Rabid Habs

The Forum: Are the Habs In Real Trouble?

At 1-6-1, your Montreal Canadiens are off to a disastrous start to the season. Though they’ve manage to out shoot their opponents more often than not, including 51 shots for the game and an all-time Habs record of 30 shots in a single period on Friday night in Anaheim, pretty much nothing is going their way. Of course, it’s early! But is it too early for concern, or are the Habs actually in real trouble?

 

Kyle Roussel (@kyleroussel) – Remember the season where Price got hurt and never returned? For a good stretch after he first went down, the Habs did outplay, outchance, and outshoot their opposition. But they rarely outscored them, which is the point of it all. Once the inevitability of a lost season set in, the team’s quality of play began to match the results.

It would easy to sit here and say “chill, it’s 7 games in, they’ll work it out / luck will change for the better”. But the reality is we’ve been down this road not so long ago and the whole “chill” attitude didn’t work out so well. It’s not time to panic because frankly there’s not much that can be done. Bergy isn’t going to pull the trigger on a panic trade, and no firings are on the horizon. The team has to work with what they’ve got and find a way to put the puck in the net.

In the throes of a disastrous west coast swing this week, it’s not a stretch to think they come back 1-6-1. At best, they’ll be 2-4-1. Not very strong. October’s schedule doesn’t ease up at any point, either. If they aren’t at .500 or better once November hits, I think we can start to ask real questions, even if the team will continue to pretend that everything will work itself out. Elliotte Friedman once put together a great piece outlining that the VAST majority of teams that are out of the playoff picture on Halloween tend not to get back in. That was 4-5 years ago, and I have no idea if he’s updated it since. But the Habs have a couple weeks to figure this out and get back on track or history is going to be their enemy as well.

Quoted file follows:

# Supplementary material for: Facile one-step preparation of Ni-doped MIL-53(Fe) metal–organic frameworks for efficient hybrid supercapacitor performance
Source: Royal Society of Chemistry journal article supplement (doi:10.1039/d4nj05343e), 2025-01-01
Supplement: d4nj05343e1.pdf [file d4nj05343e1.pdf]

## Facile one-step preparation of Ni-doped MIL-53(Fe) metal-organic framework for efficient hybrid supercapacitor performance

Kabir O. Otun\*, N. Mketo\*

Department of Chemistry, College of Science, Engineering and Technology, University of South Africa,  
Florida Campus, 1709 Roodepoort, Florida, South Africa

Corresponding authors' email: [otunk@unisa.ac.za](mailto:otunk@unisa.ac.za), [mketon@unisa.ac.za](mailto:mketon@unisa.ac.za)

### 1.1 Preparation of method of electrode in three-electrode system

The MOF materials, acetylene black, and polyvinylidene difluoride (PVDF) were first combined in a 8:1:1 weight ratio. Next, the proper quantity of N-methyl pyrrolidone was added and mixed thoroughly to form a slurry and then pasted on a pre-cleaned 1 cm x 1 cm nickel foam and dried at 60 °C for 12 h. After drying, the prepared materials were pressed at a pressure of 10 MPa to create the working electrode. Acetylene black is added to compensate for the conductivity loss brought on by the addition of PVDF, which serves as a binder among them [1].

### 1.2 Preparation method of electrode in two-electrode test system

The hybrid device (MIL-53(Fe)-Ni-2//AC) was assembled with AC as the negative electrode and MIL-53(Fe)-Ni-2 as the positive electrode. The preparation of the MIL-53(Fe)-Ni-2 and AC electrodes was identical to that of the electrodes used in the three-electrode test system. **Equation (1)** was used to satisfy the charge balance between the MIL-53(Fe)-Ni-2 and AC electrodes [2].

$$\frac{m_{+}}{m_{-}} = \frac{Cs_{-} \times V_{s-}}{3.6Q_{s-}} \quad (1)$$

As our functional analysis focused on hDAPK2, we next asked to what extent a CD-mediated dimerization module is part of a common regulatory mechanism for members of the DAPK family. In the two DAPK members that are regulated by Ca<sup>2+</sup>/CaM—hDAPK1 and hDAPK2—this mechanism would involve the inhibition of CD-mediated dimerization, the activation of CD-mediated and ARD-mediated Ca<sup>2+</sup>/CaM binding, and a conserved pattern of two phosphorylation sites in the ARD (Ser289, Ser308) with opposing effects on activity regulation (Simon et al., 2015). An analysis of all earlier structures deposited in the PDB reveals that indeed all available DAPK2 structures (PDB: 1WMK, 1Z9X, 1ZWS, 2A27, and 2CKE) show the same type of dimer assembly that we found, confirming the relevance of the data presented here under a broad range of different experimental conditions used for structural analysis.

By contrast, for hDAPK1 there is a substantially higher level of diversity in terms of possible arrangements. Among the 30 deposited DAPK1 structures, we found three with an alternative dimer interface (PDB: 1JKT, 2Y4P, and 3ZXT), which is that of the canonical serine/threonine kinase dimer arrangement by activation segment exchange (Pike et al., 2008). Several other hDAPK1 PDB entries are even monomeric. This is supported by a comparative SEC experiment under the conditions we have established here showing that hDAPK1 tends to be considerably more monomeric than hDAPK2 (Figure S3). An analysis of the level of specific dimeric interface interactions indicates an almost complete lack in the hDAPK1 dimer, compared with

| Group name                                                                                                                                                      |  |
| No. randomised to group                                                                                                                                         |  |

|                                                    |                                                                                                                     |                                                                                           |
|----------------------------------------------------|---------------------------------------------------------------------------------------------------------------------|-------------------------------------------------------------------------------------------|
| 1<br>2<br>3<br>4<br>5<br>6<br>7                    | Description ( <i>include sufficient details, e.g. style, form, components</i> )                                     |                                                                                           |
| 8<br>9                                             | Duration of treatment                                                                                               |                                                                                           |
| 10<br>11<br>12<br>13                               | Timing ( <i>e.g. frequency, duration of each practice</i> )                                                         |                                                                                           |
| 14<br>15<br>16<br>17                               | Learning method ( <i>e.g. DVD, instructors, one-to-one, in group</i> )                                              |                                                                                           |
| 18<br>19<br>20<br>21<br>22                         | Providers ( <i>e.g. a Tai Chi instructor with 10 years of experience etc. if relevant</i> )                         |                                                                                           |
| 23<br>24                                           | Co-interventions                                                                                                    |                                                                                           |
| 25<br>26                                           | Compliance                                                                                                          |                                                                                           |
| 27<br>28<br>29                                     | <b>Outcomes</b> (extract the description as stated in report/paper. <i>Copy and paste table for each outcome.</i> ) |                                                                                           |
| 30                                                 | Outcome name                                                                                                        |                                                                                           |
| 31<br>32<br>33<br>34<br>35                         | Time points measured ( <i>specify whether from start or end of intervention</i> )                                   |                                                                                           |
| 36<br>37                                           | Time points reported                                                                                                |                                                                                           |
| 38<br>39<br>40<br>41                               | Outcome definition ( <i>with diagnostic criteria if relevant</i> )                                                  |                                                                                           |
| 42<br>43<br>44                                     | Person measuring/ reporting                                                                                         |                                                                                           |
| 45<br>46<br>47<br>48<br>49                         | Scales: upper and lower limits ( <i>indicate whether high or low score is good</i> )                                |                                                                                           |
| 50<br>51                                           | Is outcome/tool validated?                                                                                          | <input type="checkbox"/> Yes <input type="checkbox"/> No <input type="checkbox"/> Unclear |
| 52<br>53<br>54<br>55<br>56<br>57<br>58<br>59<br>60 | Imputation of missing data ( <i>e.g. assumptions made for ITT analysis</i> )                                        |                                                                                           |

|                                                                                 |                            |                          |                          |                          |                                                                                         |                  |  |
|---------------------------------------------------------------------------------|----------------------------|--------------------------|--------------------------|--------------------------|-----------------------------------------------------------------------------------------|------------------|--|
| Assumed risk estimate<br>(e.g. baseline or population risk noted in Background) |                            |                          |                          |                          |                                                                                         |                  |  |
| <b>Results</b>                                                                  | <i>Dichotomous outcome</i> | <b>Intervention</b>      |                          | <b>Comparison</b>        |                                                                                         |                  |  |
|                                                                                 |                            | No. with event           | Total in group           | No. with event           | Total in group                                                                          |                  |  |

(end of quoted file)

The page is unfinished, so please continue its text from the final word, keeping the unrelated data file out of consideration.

Zach Vanasse (@ZachDropsTweets) – I’m with Kyle. Normally I’d be asking for cooler heads to prevail since we’re only 8 games into an 82-game season, but I can’t help but keep thinking about the December stretch of 2015-2016. I can still hear the arguments I made on The Montreal Bias podcast at the time, pointing to the underlying numbers and the overall quality of play as signals that things would inevitably turn around for the Canadiens.

More recently I was advocating everyone calm down after the Habs looked bad in the preseason, saying it wouldn’t necessarily translate to the regular season. So far, it has.

To answer the question “are the Habs in trouble?” I say yes. They aren’t screwed. The season isn’t over. But the Canadiens are absoltuley in trouble, especially considering we were able to comfort ourselves in the early going because they were still outplaying their opponents through the first 5 games. That wasn’t really the case in California.

Their horrific shooting percentage will go up. Carey Price’s play will improve. But I know longer feel that’s enough to comfort me that this team – as currently constructed – isn’t in legitimate trouble right now.

And if they’re not in real trouble yet, they’re getting damn close.

Ian Boisvert (@BoisvertIan) – As I wrote about already, the Habs can look to the 2015-2016 Ducks for some optimism.

The biggest concern I have to this point in the season is Carey Price. The offence is what we thought it was. The defence is what we thought it was. Carey Price is not the Carey Price we know. Now some have been saying he’s lost his touch and that now he’s the most overpaid, overrated goalie in the league. I wouldn’t touch that take with a ten foot pole, but he he does have to improve. And he knows it. Just listen to his comments after the Leafs game. He knew he was a negative difference maker for the Canadiens. And he knows he needs to be better. And he will be better, so I’m not worried.

I’ll leave with this; when the Habs start the year with a franchise best run, we were told to be worried. We were told the Habs were like the housing market in 2007 (that’s a pretty high brow reference, in case you missed that); an unsustainable bubble waiting to pop. Now there are so many positive signs telling us to be optimistic, yet some are still worried.

I’m starting to think we’re just supposed to be worried all the time.